THE REFORM CLUB

 

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SCENE OF THE WAGER - Not fiction, but a real institution, with genuine ideals. No wonder then that Jules Verne used the landmark in his story, to illustrate and enhance his fictional character.

 



Phileas Fogg is a fictional character who frequents the Reform Club in London, an institution that many readers may think is also fictional, as befits the narrative and intricate interweave of Jules Verne's classic: Around the world in eighty days.

 

The Reform Club is a private members' club on the south side of Pall Mall in central London, England. As with all of London's original gentlemen's clubs, it comprised an all-male membership for decades, but it was one of the first all-male clubs to change its rules to include the admission of women on equal terms in 1981. Since its founding in 1836, the Reform Club has been the traditional home for those committed to progressive political ideas, with its membership initially consisting of Radicals and Whigs. However, it is no longer associated with any particular political party, and it now serves a purely social function.

"The Reform" (as it is known in common parlance) currently enjoys extensive reciprocity with similar clubs around the world. It attracts a significant number of foreign members, such as diplomats accredited to the Court of St James's. Of the current membership of around 2,700, some 500 are "overseas members", and over 400 are women.

The Reform maintains reciprocity with many notable clubs around the world, among them The Gridiron Club (Oxford University), the Metropolitan Club (Washington, D.C.), the Jonathan Club of Los Angeles, the Lotos Club of New York City and the Cercle de l'Union interalliée in Paris. 

The Reform Club appears in Anthony Trollope's novel Phineas Finn (1867). This eponymous main character becomes a member of the club and there acquaints Liberal members of the House of Commons, who arrange to get him elected to an Irish parliamentary borough. The book is one of the political novels in the Palliser series, and the political events it describes are a fictionalized account of the build-up to the Second Reform Act (passed in 1867) which effectively extended the franchise to the working classes.

The club also appears in Jules Verne's Around the World in Eighty Days (published in 1872, as a novel in 1873); the protagonist, Phileas Fogg, is a member of the Reform Club who sets out to circumnavigate the world on a bet from his fellow members, beginning and ending at the club.

Michael Palin, following his fictional predecessor, also began and ended his televised journey around the world in 80 days at the Reform Club. At the time, the Reform Club, like other London clubs since the 1950s, went through a phase of stipulating a dress code requiring gentlemen to wear a jacket and tie; Palin had not packed a tie, and he was not permitted to enter the building to complete his journey as had been his intention, so his trip ended on the steps outside.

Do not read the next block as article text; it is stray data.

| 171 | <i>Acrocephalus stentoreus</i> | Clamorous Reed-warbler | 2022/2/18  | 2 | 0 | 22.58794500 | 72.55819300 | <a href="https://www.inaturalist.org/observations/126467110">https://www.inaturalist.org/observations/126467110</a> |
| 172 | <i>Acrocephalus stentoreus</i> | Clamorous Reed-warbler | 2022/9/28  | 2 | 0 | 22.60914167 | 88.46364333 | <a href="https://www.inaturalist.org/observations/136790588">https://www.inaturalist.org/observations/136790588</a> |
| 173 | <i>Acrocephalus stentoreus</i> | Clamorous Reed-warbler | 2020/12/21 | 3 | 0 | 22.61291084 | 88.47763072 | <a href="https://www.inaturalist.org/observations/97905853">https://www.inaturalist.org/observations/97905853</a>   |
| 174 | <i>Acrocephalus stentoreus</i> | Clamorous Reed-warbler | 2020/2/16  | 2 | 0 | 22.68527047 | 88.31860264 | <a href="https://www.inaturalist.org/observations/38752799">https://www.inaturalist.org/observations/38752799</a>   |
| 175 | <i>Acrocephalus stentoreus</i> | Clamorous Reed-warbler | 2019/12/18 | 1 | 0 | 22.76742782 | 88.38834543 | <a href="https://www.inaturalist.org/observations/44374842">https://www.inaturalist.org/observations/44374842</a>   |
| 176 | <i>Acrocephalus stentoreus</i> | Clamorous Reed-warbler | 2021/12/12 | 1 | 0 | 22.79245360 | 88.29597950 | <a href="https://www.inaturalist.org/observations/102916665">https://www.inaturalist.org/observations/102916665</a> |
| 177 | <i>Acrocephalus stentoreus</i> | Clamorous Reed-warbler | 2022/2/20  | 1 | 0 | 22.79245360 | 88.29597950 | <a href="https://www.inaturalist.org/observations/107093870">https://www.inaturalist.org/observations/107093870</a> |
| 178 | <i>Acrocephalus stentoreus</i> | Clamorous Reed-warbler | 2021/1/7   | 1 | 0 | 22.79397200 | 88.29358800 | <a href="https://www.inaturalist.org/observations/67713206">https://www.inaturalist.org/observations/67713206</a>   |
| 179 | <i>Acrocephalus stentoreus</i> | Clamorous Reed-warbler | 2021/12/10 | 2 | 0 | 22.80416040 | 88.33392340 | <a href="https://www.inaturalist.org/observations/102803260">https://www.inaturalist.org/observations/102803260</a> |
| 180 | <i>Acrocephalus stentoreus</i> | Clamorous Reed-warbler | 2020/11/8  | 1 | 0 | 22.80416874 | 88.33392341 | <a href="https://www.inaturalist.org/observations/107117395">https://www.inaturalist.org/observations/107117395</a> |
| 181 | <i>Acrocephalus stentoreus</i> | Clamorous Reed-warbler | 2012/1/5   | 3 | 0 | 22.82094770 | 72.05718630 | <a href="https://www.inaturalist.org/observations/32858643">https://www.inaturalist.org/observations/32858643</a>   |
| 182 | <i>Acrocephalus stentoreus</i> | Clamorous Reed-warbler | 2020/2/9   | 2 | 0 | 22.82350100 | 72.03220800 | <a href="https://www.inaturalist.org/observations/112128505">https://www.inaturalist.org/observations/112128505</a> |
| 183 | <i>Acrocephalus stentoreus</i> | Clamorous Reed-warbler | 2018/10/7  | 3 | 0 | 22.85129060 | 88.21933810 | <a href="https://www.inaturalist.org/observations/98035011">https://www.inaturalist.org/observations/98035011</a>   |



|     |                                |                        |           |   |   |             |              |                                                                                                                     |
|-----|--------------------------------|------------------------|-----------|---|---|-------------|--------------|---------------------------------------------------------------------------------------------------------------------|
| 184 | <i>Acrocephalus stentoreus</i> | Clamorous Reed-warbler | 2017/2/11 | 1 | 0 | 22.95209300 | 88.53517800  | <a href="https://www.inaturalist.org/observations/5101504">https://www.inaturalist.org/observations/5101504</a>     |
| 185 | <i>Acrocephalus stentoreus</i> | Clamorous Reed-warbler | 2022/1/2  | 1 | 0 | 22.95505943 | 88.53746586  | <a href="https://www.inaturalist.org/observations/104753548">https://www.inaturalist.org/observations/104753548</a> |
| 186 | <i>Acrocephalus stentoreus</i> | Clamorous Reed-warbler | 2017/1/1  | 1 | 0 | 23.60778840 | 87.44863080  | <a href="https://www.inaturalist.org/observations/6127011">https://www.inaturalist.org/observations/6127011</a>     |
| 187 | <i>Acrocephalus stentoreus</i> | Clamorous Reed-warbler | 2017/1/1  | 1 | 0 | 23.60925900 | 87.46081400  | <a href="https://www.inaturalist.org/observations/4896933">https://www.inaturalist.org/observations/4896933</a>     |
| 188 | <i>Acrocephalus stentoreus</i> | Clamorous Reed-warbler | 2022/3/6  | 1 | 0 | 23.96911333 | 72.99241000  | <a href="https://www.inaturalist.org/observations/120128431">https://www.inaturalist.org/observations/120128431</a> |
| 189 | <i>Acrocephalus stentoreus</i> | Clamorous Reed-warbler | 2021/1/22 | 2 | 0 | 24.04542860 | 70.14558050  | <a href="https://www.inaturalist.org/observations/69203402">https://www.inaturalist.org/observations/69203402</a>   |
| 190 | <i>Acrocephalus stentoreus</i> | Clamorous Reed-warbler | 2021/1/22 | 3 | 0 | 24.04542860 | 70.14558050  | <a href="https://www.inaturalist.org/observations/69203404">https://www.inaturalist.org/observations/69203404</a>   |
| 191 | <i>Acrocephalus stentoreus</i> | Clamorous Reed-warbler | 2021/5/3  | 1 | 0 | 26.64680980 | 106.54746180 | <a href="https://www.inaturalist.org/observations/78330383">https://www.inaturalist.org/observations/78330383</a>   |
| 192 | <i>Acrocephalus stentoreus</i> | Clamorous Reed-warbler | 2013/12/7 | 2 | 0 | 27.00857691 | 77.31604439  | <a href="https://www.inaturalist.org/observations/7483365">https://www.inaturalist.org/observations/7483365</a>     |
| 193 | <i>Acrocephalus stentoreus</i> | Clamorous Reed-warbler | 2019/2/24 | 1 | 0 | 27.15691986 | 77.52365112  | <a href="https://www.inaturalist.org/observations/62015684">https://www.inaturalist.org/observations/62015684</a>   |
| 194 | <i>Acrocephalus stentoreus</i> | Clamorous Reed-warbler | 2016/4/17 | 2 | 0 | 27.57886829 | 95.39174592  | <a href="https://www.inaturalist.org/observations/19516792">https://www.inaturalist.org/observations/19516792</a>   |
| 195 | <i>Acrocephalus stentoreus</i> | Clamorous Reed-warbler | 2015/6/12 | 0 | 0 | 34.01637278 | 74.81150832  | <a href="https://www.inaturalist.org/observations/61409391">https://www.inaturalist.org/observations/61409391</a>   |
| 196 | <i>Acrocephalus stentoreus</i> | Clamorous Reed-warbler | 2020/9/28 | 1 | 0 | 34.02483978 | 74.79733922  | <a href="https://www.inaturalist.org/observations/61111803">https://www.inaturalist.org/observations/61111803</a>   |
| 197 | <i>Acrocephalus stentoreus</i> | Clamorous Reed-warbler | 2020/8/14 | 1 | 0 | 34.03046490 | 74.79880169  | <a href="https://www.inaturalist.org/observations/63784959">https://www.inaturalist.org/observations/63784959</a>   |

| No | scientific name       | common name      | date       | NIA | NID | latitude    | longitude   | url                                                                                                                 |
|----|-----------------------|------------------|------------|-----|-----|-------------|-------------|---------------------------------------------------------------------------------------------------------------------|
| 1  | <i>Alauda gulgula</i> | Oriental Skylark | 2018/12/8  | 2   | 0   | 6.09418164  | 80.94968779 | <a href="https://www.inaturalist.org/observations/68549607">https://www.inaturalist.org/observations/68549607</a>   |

Another BBC TV series features the landmark building, starring David Tennant as the intrepid Phileas Fogg.

 

 

  

 

 

Phileas Fogg represents the lifestyle of many English gentlemen, who indulge themselves in social habits, with strict views on the world around them, while not usually engaging such as to soil their hands. The one exception, that turns Fogg's life upside down, is the attitudes of his peers to advancement in transportation, that is shrinking the world. At first he simply repeats his assertions as to calculations he has made, but as his contemporaries escalate the challenge as to his understanding of the world, that they claim is wide of the mark, they make outrageous bets, Fogg is forced to meet the dares being thrown at him, and finally picks up the gauntlet. The aim being to prove the pompous club members incorrect.

 

 

 

PLOT - AROUND THE WORLD IN EIGHTY DAYS

 

The story starts in London on October 2, 1872. Phileas Fogg is a wealthy, solitary, unmarried gentleman with regular habits. The source of his wealth is not known and he lives modestly. He fires his former valet, James Forster, for bringing him shaving water two degrees too cold. He hires as a replacement, Jean Passepartout, a Frenchman of around 30 years of age.

Later that day in the Reform Club, he gets involved in an argument over an article in The Daily Telegraph, stating that with the opening of a new railway section in India, it is now possible to travel around the world in 80 days.

Fogg accepts a wager for £20,000 from his fellow club members, which he will receive if he makes it around the world in 80 days. Accompanied by his manservant Passepartout, he leaves London by train at 8.45 p.m. on October 2, 1872, and thus is due back at the Reform Club at the same time 80 days later, on December 21.


 

 

Jules Verne is known as the Father of Science Fiction

 

 

 

Where Jules Verne's suggested that it might be possible to travel Around The World In 80 Days, we would like to extend that ethos to include traveling in a Zero Emission yacht (ZEWT or ZEV) driven by electric hydro-jets? With the advent of solar power and liquid hydrogen, it is a distinct possibility - on a scale of the wager that the legendary Philleas Fogg entered into at the Reform Club in 1872.

 

 

 

 

 

 

 

 

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JULES VERNE LINKS & REFERENCE

 

http://jules-verne.org

 

 

 

 

 

Original book cover: Around the World in Eighty Days by Jules Verne

 

 

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  THE REFORM CLUB, PALL MALL, LONDON, ENGLAND - AROUND THE WORLD IN 80 DAYS - JULES VERNE, PHILLEAS FOGG

 

 

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